Slashdot: BSD ~Created Sat Nov 1 13:21:40 2014

FreeBSD 9.2, FreeBSD 10.0 Alpha 4 Released
An anonymous reader writes "The FreeBSD Release Engineering Team has announced the release of FreeBSD 9.2. FreeBSD 9.2-RELEASE has ZFS TRIM SSD support, ZFS LZ4 compression support, DTrace hooks and VirtIO drivers as part of the default kernel configuration, unmapped I/O support, and numerous other minor features. FreeBSD also announced FreeBSD 10.0 Alpha 4 on the same day, which is the next major feature release of the open-source BSD operating system."
Slashdot: BSD ~Created Sat Nov 1 13:21:40 2014

Feature-Rich FreeBSD 10 Alpha Released
An anonymous reader writes "The first alpha release of FreeBSD 10.0 is now available for download. FreeBSD 10 features include replacing GCC with LLVM/Clang, VPS support, an AMD Radeon KMS support, Raspberry Pi support, Bhyve for HVN virtualization, and ARM EABI support."
Slashdot: BSD ~Created Sat Nov 1 13:21:40 2014

FreeBSD Removes GCC From Default Base System
An anonymous reader writes "With the LLVM/Clang migration, FreeBSD developers have now disabled building GCC and the GNU C++ standard library (libstdc++) as part of the FreeBSD base system. GCC and libstdc++ have been superseded by LLVM's Clang and libc++, respectively, on primary architectures for FreeBSD 10.0." You can still flip a few switches to get GCC, but the system compiler will still be clang. Update: 09/11 14:50 GMT by U L : Reader Noryungi noted that the What's Cooking for FreeBSD 10 page is also worth a look, adding "I have to say, this is shaping up to be a very interesting release. Bhyve [the BSD hypervisor], in particular, sounds very promising."
Slashdot: BSD ~Created Sat Nov 1 13:21:40 2014

FreeBSD, Ubuntu Offer Same NVIDIA OpenGL Support As Windows
An anonymous reader writes "There's some good news if you use NVIDIA graphics on (Ubuntu) Linux or FreeBSD with their binary graphics driver: the OpenGL performance is comparable to Windows 8. Unfortunately, that's not the same for Intel graphics and AMD doesn't even offer a Catalyst driver for FreeBSD. FreeBSD offers a binary Linux compatibility layer to run games at the same (or better) performance as Linux, but unfortunately it's capped to running Linux x86 binaries and NVIDIA is the only GPU vendor with proper BSD graphics driver support."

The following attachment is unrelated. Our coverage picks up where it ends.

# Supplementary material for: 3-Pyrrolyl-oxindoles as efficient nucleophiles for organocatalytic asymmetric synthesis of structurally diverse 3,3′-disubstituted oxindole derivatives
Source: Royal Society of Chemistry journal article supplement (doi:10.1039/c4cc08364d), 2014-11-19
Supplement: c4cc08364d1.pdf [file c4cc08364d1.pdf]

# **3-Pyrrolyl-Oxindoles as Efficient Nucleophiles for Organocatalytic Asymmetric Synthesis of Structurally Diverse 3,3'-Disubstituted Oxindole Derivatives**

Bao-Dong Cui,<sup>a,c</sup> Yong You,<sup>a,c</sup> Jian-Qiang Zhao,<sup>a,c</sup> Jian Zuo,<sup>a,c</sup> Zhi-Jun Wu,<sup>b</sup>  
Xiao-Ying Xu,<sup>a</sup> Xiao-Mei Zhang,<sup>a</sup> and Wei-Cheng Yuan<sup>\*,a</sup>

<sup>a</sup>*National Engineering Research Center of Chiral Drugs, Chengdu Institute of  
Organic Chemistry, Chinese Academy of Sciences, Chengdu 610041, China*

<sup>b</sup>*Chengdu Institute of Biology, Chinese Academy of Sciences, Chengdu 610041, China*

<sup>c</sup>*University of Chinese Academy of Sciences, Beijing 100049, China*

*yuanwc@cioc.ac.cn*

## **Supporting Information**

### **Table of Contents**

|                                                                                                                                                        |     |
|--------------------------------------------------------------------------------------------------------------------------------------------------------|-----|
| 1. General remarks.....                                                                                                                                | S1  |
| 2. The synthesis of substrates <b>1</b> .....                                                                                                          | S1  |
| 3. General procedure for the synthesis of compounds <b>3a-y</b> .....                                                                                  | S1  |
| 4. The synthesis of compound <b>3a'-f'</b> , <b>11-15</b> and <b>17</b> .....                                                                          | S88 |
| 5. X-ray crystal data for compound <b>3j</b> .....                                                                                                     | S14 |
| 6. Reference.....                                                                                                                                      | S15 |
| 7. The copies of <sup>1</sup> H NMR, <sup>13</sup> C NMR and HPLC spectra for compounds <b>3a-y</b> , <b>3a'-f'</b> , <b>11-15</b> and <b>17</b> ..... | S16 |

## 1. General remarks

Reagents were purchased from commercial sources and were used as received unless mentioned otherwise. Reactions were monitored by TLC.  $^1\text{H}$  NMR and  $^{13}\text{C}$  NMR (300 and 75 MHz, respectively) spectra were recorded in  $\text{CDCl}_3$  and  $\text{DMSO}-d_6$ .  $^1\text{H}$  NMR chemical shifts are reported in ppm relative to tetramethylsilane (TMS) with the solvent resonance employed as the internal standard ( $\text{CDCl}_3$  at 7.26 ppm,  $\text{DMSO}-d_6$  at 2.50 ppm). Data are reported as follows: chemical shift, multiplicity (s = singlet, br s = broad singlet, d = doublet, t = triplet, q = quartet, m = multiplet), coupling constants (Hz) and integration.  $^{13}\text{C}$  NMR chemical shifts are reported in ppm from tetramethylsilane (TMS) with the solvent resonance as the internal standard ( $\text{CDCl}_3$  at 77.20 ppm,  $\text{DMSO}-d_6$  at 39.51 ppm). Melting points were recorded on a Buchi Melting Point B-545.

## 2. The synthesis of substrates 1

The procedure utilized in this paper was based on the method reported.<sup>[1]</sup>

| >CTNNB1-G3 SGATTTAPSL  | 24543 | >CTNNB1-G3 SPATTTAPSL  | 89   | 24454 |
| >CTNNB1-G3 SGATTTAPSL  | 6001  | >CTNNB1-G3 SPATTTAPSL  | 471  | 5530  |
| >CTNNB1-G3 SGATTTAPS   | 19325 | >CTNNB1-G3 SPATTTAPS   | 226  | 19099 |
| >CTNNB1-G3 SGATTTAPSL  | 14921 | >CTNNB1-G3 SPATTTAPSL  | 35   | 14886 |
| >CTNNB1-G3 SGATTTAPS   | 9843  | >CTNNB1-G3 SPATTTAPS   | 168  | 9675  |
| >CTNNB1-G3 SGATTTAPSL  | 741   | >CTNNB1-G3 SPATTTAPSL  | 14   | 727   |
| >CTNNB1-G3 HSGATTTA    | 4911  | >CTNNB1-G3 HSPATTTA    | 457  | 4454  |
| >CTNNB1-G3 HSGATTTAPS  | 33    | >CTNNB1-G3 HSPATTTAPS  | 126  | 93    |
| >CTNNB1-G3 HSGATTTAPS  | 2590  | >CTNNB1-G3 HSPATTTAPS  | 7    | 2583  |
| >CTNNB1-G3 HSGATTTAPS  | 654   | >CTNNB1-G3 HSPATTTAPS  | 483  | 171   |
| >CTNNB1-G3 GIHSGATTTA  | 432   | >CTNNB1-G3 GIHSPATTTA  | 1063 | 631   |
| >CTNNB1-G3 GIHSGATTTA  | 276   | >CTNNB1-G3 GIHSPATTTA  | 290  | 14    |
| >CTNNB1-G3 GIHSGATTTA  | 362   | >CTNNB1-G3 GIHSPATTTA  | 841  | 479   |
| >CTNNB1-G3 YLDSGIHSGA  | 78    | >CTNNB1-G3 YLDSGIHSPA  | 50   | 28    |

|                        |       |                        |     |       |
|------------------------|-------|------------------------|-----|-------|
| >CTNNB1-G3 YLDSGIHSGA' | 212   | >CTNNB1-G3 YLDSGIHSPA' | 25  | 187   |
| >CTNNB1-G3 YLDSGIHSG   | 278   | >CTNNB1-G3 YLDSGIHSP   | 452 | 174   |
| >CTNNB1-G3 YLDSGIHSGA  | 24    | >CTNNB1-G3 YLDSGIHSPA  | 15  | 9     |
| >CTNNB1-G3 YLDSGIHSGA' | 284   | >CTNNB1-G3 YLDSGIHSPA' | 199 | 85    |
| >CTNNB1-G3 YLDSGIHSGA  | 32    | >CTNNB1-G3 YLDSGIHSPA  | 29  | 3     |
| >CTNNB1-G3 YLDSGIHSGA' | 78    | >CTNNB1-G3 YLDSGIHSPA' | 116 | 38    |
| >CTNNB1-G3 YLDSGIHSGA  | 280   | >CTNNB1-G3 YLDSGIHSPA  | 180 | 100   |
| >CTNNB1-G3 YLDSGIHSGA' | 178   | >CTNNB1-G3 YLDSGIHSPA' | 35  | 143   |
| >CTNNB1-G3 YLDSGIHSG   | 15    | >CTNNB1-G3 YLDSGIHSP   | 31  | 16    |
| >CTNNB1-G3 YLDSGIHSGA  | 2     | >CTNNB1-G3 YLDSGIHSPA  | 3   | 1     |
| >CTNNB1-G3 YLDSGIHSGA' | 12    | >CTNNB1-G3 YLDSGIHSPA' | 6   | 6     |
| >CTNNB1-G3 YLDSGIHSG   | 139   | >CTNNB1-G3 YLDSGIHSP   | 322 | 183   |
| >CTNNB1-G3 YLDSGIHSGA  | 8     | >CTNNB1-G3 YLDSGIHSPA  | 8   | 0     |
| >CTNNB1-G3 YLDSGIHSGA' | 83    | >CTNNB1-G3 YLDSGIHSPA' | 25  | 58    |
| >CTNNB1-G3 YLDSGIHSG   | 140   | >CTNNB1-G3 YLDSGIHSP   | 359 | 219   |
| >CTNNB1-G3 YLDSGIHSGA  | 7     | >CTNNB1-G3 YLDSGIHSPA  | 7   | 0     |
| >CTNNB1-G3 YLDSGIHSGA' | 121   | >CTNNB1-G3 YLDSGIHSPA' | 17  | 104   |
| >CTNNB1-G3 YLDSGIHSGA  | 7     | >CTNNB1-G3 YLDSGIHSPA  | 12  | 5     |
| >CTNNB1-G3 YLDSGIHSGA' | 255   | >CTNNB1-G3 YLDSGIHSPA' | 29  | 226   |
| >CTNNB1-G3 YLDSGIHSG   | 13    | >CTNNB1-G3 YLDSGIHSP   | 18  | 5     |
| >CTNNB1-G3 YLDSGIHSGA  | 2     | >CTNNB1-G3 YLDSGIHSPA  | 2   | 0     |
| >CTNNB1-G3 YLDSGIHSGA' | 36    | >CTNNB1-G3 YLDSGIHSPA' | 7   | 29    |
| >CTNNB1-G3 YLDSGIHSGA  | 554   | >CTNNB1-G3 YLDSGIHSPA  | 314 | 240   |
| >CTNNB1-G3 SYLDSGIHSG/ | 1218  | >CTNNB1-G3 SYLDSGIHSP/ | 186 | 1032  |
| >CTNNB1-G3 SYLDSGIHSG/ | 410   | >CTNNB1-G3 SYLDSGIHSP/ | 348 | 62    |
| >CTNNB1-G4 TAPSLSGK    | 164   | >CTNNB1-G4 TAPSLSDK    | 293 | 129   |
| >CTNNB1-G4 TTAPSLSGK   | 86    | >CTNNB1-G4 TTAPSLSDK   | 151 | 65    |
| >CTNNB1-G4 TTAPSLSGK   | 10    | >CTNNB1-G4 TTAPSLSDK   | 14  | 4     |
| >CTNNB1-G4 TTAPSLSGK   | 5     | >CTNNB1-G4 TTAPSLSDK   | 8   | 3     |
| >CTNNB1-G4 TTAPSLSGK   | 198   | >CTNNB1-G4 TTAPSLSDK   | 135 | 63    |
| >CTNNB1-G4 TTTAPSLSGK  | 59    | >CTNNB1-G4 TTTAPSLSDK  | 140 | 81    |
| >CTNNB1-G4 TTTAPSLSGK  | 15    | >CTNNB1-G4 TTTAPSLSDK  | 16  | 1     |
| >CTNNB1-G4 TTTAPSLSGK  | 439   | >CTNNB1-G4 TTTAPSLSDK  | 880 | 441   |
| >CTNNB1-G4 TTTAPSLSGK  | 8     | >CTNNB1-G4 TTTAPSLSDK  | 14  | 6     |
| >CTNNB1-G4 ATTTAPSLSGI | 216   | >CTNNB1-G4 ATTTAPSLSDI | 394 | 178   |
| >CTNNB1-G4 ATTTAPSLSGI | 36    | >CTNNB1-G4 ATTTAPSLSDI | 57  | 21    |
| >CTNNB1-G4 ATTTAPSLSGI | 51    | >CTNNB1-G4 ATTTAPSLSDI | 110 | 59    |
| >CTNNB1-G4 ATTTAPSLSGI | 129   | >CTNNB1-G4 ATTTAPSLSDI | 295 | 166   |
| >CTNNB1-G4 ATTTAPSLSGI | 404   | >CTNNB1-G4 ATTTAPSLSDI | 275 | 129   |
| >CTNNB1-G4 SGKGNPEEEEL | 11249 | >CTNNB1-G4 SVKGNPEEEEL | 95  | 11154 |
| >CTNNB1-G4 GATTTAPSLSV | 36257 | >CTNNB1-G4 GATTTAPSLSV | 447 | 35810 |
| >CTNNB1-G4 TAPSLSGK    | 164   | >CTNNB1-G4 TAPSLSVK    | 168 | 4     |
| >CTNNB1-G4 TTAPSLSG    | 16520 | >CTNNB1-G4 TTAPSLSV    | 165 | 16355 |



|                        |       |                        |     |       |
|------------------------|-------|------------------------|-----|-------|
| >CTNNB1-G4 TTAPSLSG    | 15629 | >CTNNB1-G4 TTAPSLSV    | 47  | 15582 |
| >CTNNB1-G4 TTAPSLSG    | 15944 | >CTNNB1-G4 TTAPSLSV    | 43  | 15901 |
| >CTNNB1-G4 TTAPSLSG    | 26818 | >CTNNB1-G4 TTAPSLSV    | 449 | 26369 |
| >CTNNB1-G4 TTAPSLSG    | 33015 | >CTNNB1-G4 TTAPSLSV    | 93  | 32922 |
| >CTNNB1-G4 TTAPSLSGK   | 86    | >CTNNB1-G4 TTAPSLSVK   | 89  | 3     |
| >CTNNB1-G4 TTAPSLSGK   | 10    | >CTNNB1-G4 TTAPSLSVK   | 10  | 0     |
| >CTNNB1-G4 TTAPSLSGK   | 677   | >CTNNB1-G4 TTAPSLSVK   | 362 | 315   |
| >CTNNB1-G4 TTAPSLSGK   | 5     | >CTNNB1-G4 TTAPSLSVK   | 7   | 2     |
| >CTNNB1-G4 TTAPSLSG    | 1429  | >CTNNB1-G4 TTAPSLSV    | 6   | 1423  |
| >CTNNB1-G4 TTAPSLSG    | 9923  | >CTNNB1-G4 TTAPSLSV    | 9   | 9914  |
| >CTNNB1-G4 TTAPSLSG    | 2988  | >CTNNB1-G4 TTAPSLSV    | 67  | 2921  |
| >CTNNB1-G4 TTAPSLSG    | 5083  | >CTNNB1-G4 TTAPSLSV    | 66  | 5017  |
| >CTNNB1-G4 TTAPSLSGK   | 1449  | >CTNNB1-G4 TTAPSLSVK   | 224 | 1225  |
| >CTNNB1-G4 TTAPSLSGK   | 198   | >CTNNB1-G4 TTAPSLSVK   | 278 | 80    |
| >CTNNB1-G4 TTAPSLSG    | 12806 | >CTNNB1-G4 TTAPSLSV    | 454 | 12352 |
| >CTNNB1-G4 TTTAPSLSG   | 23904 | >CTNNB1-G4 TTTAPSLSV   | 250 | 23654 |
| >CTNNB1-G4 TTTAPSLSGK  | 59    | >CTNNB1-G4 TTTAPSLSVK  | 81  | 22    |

Slashdot: BSD ~Created Sat Nov 1 13:21:40 2014

FreeBSD Co-founder Jordan Hubbard Leaves Apple To Join iXsystems
New submitter transam writes "After a long stint at Apple doing all kinds of Unix-y goodness, Jordan Hubbard has moved onto iXsystems to lead engineering and development, including heading up the FreeNAS project. Apple's loss is their gain."
Slashdot: BSD ~Created Sat Nov 1 13:21:40 2014

FreeBSD Team Begins Work On Booting On UEFI-Enabled Systems
An anonymous reader writes "The FreeBSD project has begun the process of making it possible for the operating system to run alongside Windows 8 on a computer which has secure boot enabled." Linux distros have taken to using a minimal loader, signed by Microsoft, to enable booting on UEFI systems with secure boot. "Indeed we will likely take the Linux shim loader, put our own key in it, and then ask Microsoft to sign it," says developer Marshall McKusick in the linked IT Wire article. "Since Microsoft will have already vetted the shim loader code, we hope that there will be little trouble getting them to sign our version for us."